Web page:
TB or Tuberculosis is a universal common disease and mainly affects the lungs. Tuberculosis is spread through the air when an infected patient coughs, sneezes, spits, laughs or talks.
What causes Tuberculosis?
Tuberculosis is caused by a type of bacterium named Mycobacterium Tuberculosis.
A person is infected with Tuberculosis since microscopic droplets released by a patient with the untreated, active TB infection in their lungs into the air. More specifically, TB infections commonly spread among family members living in the same house.
Children with TB or adults with TB infected outside the lungs, which called Extrapulmonary TB do not spread the infections. It means that not everyone with TB is infectious. However, anyone can catch TB, and people who are the most at risk are:
– living in, coming from, or traveling to an area with high levels of TB
– in close contact with a person infected with TB for a long time
– living in crowded conditions
– with a condition or treatment that weakens their immune system, such as HIV or during chemotherapy and corticosteroid.
– too young or too old since the immune system is not strong enough to destroy the bacteria causing TB.
– in poor health or with a poor diet due to lifestyle and other problems, including drug misuse, alcohol misuse and homelessness.
How is TB treated?
Treating TB takes much longer than treating any kind of bacterial infections, which is particularly for at least six to nine months with antibiotics. The drugs and length of treatment, of course, depends on your age, overall health, possible drug resistance, which kind of TB you are infected with, as well as the infection’s location in your body.
If you are infected with Latent Tuberculosis, you may take only one type of TB drug. Active Tuberculosis, particularly a drug-resistant strain, will require several drugs simultaneously. After a few weeks of treatment, you won’t be contagious, and may begin to feel much better.
However, it is important to remember that you need to finish the full course of therapy and take the prescribed medications exactly, or the bacteria will turn to be resistant to the medication, resulting in that TB will become much more dangerous and really difficult to treat.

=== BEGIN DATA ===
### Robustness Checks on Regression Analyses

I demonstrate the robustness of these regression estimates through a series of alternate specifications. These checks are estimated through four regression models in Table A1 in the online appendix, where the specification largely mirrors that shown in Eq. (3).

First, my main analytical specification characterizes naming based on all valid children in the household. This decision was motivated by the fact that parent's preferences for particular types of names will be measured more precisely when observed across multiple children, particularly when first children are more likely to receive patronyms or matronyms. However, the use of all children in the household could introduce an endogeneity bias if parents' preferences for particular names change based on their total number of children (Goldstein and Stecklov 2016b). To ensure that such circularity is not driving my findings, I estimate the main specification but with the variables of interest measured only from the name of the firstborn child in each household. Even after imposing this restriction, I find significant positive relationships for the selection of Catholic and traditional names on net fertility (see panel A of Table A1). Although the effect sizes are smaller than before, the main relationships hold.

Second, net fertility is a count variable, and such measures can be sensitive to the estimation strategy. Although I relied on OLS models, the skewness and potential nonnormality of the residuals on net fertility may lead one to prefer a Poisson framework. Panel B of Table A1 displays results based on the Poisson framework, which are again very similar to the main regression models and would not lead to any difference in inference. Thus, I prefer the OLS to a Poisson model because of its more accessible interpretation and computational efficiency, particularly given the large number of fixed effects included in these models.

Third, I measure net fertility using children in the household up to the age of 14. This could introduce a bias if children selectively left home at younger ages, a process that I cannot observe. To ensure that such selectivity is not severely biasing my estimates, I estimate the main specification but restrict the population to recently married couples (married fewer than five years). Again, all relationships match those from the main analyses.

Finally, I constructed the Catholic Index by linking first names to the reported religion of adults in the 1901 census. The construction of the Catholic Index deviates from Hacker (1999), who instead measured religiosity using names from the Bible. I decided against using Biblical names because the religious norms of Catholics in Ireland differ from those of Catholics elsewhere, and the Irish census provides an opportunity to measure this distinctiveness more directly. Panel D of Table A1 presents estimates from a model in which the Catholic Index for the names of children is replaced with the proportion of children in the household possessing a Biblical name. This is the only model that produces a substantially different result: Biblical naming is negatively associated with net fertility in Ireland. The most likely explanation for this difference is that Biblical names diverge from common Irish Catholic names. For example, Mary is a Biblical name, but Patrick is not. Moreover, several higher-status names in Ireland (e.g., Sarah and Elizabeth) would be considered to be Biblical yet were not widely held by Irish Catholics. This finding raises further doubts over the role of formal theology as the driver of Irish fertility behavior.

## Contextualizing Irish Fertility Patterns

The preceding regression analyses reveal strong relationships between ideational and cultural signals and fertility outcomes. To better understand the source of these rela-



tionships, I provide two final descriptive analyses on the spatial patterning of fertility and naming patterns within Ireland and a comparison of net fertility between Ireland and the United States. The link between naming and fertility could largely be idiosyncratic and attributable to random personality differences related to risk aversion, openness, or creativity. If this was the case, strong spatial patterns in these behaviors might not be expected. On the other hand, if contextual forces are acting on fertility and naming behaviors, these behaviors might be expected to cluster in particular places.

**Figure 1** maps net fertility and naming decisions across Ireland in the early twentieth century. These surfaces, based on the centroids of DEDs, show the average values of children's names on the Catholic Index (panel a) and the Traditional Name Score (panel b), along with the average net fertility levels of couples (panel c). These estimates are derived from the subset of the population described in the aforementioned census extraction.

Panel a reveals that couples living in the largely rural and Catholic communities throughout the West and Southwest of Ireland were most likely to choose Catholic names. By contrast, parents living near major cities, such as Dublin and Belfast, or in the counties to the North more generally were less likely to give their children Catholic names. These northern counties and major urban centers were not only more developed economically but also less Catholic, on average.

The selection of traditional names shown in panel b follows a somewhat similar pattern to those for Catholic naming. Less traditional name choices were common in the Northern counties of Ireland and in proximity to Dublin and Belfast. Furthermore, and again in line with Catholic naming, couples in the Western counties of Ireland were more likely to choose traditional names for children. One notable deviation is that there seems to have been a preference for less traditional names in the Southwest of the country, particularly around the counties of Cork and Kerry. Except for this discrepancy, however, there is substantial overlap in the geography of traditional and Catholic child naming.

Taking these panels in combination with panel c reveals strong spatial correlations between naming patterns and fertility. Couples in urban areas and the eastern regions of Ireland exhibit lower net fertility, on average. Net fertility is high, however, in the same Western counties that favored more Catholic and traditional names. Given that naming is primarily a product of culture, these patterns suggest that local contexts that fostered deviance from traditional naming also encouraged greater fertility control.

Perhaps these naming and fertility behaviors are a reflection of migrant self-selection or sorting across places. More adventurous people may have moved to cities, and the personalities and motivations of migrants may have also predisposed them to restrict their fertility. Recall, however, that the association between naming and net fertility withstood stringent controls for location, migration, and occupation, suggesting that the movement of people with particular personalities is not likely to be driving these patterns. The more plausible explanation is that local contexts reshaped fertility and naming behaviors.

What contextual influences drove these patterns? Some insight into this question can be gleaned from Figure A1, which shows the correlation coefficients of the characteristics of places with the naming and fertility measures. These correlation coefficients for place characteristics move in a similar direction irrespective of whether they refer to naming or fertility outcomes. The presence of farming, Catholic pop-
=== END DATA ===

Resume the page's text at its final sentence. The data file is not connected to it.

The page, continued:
How to prevent TB?
Even when you test positive for latent TB infection, you may be advised to take medications to reduce your risk of developing active tuberculosis. If you can prevent your latent TB from turning into the active form, you won’t transmit Tuberculosis to anyone else, because only the active Tuberculosis, as it affects lungs, is contagious.
Finishing the entire course of medication is the most important thing to do. Do not stop or even skip any step of treatment to avoid supporting TB bacteria to become more deadly.
Vaccination is another way to help you to prevent TB. Children, especially infants, in several countries are vaccinated with Bacille Calmette-Guerin injections. However, with adults, it is not effective and may even adversely influence the results of skin testing diagnoses. That is the reason why it is not suggested for general use in the U.S.
You can minimize the risk of germs from reaching anyone else by some simple daily notice including avoiding other people by not going to school or work, or sleeping in the same room as someone. Wearing a mask, covering the mouth and ventilating rooms can also limit the spread of bacteria.
Even though Tuberculosis is one of the most dangerous diseases, most people with active TB who have had appropriate drug treatment for at least two weeks are no longer contagious.